Welcome to Bellbird.

Our blog contains a great many articles on user / usability testing, plain language, research with 'older' people and different research methods.


 

How Behavioural Economics and Qualitative Research can Work Together

This is the second of two posts about using Behavioural Economics (B.E.) and qualitative research together. The first post described ways in which qualitative research could benefit from a ‘broadened’ view of B.E. This second post describes how B.E. and qualitative research can work together, by making the best of both worlds.

B.E. and qualitative research can work well together because they share a parent – contemporary social science.

B.E. was revolutionary because it applied the same social science to economics that has been used by social-science trained researchers for decades.  ‘Everything is relative’, ‘people are influenced by what others think’, and ‘behaviour is best researched in context’, are all part of the B.E. canon and have also been part of the best kind of qualitative approach for a long time. 

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This infographic details six useful lessons from information designers and information psychologists on how to attract the attention of customers and stakeholders in ‘lean forward mode’:

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Are you afraid that technology has taught us all to live in a fast multi-tasking world so that your customers and stakeholders have ‘the attention span of a goldfish’?

Don’t worry. Just because many of us multitask while watching movies, that doesn’t mean that we can’t pay attention when we have a goal to achieve. I like this distinction from from Google on how people pay attention, by leaning forward, or leaning back. Whether someone ‘leans forward’ mode or ‘leans back’ mode depends on their goals at the time.

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Getting the most out of Behavioural Economics in Qualitative Research

Are you considering using qualitative research for strategic positioning, brand development, or customer experience projects? Do you also want to use the insights you have learnt from Behavioural Economics  (B.E.) but worry whether B.E. is compatible with qualitative research?  

Perhaps you have heard people say that qualitative research isn’t useful because ‘people don’t know why they do things’ for example, which has led some people to conduct research only about behaviour and not about what motivates people to behave as they do, or about how people think.

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Why steam came out of Charlie’s ears

Suzanne and I recently took part in a NewMR webinar event ‘New but not Tech’. We were talking about sense making, and about how people make sense of their experiences. Someone asked if that meant that sense making was an ethnographic technique, and I said:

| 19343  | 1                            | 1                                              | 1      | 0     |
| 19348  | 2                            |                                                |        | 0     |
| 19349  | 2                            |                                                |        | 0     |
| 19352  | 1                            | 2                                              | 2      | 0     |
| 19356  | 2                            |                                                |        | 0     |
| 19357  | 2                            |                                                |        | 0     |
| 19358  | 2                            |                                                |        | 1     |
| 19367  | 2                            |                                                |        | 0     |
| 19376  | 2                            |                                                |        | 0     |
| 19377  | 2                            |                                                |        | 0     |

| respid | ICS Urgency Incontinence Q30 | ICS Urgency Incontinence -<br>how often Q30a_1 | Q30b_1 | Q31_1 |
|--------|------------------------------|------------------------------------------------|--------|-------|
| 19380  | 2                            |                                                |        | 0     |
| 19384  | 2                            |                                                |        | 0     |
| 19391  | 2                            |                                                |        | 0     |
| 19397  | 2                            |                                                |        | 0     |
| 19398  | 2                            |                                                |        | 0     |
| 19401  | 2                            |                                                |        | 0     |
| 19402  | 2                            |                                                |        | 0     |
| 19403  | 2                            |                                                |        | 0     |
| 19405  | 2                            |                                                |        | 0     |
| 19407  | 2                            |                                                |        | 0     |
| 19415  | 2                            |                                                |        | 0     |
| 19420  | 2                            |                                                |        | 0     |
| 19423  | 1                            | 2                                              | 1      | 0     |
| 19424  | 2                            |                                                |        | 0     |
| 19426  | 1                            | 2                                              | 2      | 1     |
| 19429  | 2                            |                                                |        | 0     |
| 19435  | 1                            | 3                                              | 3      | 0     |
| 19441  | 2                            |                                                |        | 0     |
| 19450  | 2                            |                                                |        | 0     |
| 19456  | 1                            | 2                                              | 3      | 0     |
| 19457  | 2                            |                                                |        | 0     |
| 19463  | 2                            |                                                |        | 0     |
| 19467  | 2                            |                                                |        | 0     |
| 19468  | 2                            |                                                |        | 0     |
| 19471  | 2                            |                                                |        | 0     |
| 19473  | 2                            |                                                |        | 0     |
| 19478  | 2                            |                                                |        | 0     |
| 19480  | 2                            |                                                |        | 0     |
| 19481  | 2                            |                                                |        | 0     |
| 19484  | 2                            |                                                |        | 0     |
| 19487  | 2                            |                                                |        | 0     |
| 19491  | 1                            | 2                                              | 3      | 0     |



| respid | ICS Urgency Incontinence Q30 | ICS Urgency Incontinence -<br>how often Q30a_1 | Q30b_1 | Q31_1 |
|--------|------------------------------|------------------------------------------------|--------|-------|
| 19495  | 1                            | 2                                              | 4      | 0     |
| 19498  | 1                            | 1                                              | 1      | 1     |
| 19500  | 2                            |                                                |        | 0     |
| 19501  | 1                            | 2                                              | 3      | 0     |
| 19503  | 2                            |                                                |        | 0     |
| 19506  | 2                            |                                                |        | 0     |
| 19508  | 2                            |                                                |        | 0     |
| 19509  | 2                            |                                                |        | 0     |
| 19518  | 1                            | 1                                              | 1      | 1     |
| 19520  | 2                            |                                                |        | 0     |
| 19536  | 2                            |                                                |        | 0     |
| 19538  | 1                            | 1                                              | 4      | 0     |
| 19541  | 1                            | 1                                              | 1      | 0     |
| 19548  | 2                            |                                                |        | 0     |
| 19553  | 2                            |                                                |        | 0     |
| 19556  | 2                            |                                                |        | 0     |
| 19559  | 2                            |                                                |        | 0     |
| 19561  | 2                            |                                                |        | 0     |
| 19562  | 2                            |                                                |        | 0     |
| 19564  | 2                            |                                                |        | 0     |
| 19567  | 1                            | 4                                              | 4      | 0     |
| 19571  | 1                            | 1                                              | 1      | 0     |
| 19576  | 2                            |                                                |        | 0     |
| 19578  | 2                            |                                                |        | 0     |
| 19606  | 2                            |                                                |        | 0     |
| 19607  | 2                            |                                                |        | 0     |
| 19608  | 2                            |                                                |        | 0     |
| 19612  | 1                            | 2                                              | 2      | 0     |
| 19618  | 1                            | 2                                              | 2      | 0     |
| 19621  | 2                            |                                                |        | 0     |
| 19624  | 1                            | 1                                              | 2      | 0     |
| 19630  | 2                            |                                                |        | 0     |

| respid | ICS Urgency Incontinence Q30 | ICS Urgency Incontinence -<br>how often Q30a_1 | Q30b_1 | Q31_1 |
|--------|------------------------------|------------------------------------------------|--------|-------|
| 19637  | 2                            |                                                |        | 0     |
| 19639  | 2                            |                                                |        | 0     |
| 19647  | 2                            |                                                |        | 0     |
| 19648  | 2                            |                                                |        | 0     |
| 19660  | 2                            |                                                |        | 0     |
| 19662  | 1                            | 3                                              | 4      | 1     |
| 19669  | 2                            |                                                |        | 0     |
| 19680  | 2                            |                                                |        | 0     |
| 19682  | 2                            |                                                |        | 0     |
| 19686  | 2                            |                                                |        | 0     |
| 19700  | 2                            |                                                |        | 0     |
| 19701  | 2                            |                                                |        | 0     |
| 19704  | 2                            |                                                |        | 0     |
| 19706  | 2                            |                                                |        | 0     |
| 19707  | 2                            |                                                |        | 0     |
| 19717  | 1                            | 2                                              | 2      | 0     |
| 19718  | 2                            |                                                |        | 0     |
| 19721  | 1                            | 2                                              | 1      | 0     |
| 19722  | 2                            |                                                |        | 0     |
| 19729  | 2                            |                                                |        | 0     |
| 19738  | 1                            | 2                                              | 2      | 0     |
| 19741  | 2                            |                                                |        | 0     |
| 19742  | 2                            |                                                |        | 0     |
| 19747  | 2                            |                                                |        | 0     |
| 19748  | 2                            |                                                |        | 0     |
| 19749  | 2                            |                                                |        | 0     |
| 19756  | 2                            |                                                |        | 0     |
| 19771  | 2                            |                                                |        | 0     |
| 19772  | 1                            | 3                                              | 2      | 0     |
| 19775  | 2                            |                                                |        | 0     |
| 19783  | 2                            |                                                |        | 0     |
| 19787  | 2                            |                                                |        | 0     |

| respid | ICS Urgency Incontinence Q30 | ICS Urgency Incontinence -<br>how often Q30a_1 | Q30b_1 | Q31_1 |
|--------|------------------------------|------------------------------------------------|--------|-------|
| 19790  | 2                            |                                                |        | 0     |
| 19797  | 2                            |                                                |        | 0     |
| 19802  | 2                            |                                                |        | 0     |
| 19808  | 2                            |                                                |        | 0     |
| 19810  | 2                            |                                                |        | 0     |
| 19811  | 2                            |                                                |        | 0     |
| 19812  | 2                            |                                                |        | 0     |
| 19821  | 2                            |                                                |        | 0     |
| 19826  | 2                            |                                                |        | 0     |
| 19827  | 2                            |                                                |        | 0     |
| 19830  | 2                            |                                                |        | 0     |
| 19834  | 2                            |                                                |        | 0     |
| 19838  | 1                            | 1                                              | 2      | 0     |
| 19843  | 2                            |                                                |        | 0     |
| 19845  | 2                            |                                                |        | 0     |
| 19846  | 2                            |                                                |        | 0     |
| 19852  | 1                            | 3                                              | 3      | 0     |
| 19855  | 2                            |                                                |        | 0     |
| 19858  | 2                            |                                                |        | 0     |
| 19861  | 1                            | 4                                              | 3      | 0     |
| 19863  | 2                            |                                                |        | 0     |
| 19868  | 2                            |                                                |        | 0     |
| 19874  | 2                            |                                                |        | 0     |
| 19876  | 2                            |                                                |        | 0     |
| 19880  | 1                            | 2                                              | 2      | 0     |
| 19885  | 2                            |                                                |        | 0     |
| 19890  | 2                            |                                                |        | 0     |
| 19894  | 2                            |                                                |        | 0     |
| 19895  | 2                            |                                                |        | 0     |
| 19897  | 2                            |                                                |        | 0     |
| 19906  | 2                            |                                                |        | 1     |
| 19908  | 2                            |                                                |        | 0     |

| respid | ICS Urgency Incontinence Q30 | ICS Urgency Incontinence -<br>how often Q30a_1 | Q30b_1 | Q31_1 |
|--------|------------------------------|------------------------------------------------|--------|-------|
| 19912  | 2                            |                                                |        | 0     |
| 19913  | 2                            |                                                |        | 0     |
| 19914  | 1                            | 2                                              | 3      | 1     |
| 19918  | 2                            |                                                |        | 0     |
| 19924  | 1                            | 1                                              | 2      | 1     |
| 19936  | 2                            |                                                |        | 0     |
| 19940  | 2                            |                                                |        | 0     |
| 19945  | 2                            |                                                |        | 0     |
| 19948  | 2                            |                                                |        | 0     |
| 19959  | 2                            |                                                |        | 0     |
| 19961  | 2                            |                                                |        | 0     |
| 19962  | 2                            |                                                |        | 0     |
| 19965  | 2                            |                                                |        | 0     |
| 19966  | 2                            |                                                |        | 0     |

“No, because in sense making what we are interested in is what is going on in people’s heads.”

With steam coming out of his ears, ethnographer Charlie Cochrane of Jump the Fence posed this question in response:

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The Art of the Long Interview

We use the 'long interview' qualitative research technique in our research when we want the people we are talking to to think and not just tell us the first thing that comes to mind.

Here are some tips on how to conduct long qualitative interviews.

What is a ‘long interview’?   A long interview is a one-on-one interview that takes at least an hour and is conversational in style.  Some IDI’s (individual in-depth interviews) fall into the ‘long interview’ category, but only if they are conversational and – it has to be said – long.

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Did you Celebrate World Emoji Day?

I was thrilled and a little terrified  to be invited by the BBC Asia Pacific, based in Singapore to appear on their Breakfast TV show to talk about World Emoji Day – July 17th.

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Qualitative Analysis Skills: A Primer Part 1

What does it mean to have an ‘analysis plan’ for qualitative research?

When you have an analysis plan you know who will do what and how you are going to deal with the information.

  • If you have several researchers working on a project, is everyone going to analyse their own interviews or groups independently or will you delegate it all to one person?  
  • Whether you are going to share the task, or if you are doing it all yourself, you need to know the answers  to questions like these

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A discourse analysis of 'hope you are well?'

How to spot a fake: a discourse analysis of 'hope you are well?'

First of all - an apology

I recently -  carelessly  - allowed some people called University of Skills to access my LinkedIn address book. I now think that everyone I am (was?) connected to received an email from me saying something like this: 'Hey, Hope you are well ....' followed by a plug for the University of Skills website, which I wont repeat here. I apologise. I did not realise they would do that and I won't do it again.

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